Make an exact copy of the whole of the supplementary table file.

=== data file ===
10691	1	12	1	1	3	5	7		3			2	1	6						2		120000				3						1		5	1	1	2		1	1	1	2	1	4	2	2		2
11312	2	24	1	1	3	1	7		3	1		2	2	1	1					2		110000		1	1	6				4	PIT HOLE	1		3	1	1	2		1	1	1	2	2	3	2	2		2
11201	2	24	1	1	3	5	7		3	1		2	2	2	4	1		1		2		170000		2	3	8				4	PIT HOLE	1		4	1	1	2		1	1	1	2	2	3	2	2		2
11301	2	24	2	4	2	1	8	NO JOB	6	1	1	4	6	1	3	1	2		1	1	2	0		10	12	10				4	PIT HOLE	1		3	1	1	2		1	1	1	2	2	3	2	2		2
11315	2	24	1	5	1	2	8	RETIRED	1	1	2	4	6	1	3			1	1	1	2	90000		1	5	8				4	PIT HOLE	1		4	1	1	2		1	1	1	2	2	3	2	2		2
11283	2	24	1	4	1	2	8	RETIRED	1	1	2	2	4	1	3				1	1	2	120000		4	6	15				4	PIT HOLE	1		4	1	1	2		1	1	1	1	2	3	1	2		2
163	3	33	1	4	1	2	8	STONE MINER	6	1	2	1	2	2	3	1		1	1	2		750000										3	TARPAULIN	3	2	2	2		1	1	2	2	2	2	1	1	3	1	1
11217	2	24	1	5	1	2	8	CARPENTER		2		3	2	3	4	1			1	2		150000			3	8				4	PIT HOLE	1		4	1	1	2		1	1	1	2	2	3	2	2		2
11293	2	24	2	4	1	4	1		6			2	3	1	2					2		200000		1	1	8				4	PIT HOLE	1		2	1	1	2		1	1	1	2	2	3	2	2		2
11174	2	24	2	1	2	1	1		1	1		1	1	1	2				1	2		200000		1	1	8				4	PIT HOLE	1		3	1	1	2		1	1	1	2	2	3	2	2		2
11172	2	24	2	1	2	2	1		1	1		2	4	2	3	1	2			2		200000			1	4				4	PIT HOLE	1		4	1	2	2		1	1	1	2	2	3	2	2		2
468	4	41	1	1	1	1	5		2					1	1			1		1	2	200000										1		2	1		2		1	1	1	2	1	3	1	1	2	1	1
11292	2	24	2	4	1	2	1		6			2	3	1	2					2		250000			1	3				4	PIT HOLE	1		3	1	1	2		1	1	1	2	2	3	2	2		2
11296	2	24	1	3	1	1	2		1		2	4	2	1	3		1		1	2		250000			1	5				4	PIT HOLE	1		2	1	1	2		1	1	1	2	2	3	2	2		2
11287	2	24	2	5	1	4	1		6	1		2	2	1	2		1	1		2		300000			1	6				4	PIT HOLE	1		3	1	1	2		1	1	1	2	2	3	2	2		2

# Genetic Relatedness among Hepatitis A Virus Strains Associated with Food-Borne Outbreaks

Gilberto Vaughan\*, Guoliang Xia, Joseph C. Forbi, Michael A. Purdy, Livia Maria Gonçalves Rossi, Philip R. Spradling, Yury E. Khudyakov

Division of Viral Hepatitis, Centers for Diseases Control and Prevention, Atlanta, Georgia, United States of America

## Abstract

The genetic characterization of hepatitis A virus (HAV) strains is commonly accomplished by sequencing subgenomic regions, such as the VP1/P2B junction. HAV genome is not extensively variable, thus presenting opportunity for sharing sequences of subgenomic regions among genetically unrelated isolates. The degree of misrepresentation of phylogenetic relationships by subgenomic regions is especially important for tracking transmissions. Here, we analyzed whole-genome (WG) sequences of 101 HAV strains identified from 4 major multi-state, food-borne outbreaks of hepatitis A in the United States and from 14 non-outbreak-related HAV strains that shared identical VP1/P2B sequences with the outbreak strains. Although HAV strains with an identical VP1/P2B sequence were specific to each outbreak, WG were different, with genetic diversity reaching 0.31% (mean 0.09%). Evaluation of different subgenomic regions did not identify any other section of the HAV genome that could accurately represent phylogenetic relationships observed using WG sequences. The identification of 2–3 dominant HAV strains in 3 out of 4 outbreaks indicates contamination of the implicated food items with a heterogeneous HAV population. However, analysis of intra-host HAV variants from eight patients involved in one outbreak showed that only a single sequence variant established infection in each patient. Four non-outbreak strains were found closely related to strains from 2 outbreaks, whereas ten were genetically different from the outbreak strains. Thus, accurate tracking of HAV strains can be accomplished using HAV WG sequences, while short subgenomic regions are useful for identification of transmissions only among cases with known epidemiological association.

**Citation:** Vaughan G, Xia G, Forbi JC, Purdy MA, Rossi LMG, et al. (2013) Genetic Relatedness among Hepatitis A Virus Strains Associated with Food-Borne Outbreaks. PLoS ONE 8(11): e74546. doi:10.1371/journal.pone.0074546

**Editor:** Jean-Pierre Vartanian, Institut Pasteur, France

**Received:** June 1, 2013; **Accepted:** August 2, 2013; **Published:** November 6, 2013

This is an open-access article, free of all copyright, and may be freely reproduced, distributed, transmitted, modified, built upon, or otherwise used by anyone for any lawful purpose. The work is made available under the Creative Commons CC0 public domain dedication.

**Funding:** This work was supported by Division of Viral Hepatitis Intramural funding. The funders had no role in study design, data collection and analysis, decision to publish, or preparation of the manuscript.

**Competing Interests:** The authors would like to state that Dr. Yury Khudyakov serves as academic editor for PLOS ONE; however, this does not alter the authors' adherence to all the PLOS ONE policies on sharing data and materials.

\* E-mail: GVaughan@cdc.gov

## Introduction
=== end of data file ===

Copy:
10691	1	12	1	1	3	5	7		3			2	1	6						2		120000				3						1		5	1	1	2		1	1	1	2	1	4	2	2		2
11312	2	24	1	1	3	1	7		3	1		2	2	1	1					2		110000		1	1	6				4	PIT HOLE	1		3	1	1	2		1	1	1	2	2	3	2	2		2
11201	2	24	1	1	3	5	7		3	1		2	2	2	4	1		1		2		170000		2	3	8				4	PIT HOLE	1		4	1	1	2		1	1	1	2	2	3	2	2		2
11301	2	24	2	4	2	1	8	NO JOB	6	1	1	4	6	1	3	1	2		1	1	2	0		10	12	10				4	PIT HOLE	1		3	1	1	2		1	1	1	2	2	3	2	2		2
11315	2	24	1	5	1	2	8	RETIRED	1	1	2	4	6	1	3			1	1	1	2	90000		1	5	8				4	PIT HOLE	1		4	1	1	2		1	1	1	2	2	3	2	2		2
11283	2	24	1	4	1	2	8	RETIRED	1	1	2	2	4	1	3				1	1	2	120000		4	6	15				4	PIT HOLE	1		4	1	1	2		1	1	1	1	2	3	1	2		2
163	3	33	1	4	1	2	8	STONE MINER	6	1	2	1	2	2	3	1		1	1	2		750000										3	TARPAULIN	3	2	2	2		1	1	2	2	2	2	1	1	3	1	1
11217	2	24	1	5	1	2	8	CARPENTER		2		3	2	3	4	1			1	2		150000			3	8				4	PIT HOLE	1		4	1	1	2		1	1	1	2	2	3	2	2		2
11293	2	24	2	4	1	4	1		6			2	3	1	2					2		200000		1	1	8				4	PIT HOLE	1		2	1	1	2		1	1	1	2	2	3	2	2		2
11174	2	24	2	1	2	1	1		1	1		1	1	1	2				1	2		200000		1	1	8				4	PIT HOLE	1		3	1	1	2		1	1	1	2	2	3	2	2		2
11172	2	24	2	1	2	2	1		1	1		2	4	2	3	1	2			2		200000			1	4				4	PIT HOLE	1		4	1	2	2		1	1	1	2	2	3	2	2		2
468	4	41	1	1	1	1	5		2					1	1			1		1	2	200000										1		2	1		2		1	1	1	2	1	3	1	1	2	1	1
11292	2	24	2	4	1	2	1		6			2	3	1	2					2		250000			1	3				4	PIT HOLE	1		3	1	1	2		1	1	1	2	2	3	2	2		2
11296	2	24	1	3	1	1	2		1		2	4	2	1	3		1		1	2		250000			1	5				4	PIT HOLE	1		2	1	1	2		1	1	1	2	2	3	2	2		2
11287	2	24	2	5	1	4	1		6	1		2	2	1	2		1	1		2		300000			1	6				4	PIT HOLE	1		3	1	1	2		1	1	1	2	2	3	2	2		2

# Genetic Relatedness among Hepatitis A Virus Strains Associated with Food-Borne Outbreaks

Gilberto Vaughan\*, Guoliang Xia, Joseph C. Forbi, Michael A. Purdy, Livia Maria Gonçalves Rossi, Philip R. Spradling, Yury E. Khudyakov

Division of Viral Hepatitis, Centers for Diseases Control and Prevention, Atlanta, Georgia, United States of America

## Abstract

The genetic characterization of hepatitis A virus (HAV) strains is commonly accomplished by sequencing subgenomic regions, such as the VP1/P2B junction. HAV genome is not extensively variable, thus presenting opportunity for sharing sequences of subgenomic regions among genetically unrelated isolates. The degree of misrepresentation of phylogenetic relationships by subgenomic regions is especially important for tracking transmissions. Here, we analyzed whole-genome (WG) sequences of 101 HAV strains identified from 4 major multi-state, food-borne outbreaks of hepatitis A in the United States and from 14 non-outbreak-related HAV strains that shared identical VP1/P2B sequences with the outbreak strains. Although HAV strains with an identical VP1/P2B sequence were specific to each outbreak, WG were different, with genetic diversity reaching 0.31% (mean 0.09%). Evaluation of different subgenomic regions did not identify any other section of the HAV genome that could accurately represent phylogenetic relationships observed using WG sequences. The identification of 2–3 dominant HAV strains in 3 out of 4 outbreaks indicates contamination of the implicated food items with a heterogeneous HAV population. However, analysis of intra-host HAV variants from eight patients involved in one outbreak showed that only a single sequence variant established infection in each patient. Four non-outbreak strains were found closely related to strains from 2 outbreaks, whereas ten were genetically different from the outbreak strains. Thus, accurate tracking of HAV strains can be accomplished using HAV WG sequences, while short subgenomic regions are useful for identification of transmissions only among cases with known epidemiological association.

**Citation:** Vaughan G, Xia G, Forbi JC, Purdy MA, Rossi LMG, et al. (2013) Genetic Relatedness among Hepatitis A Virus Strains Associated with Food-Borne Outbreaks. PLoS ONE 8(11): e74546. doi:10.1371/journal.pone.0074546

**Editor:** Jean-Pierre Vartanian, Institut Pasteur, France

**Received:** June 1, 2013; **Accepted:** August 2, 2013; **Published:** November 6, 2013

This is an open-access article, free of all copyright, and may be freely reproduced, distributed, transmitted, modified, built upon, or otherwise used by anyone for any lawful purpose. The work is made available under the Creative Commons CC0 public domain dedication.

**Funding:** This work was supported by Division of Viral Hepatitis Intramural funding. The funders had no role in study design, data collection and analysis, decision to publish, or preparation of the manuscript.

**Competing Interests:** The authors would like to state that Dr. Yury Khudyakov serves as academic editor for PLOS ONE; however, this does not alter the authors' adherence to all the PLOS ONE policies on sharing data and materials.

\* E-mail: GVaughan@cdc.gov

## Introduction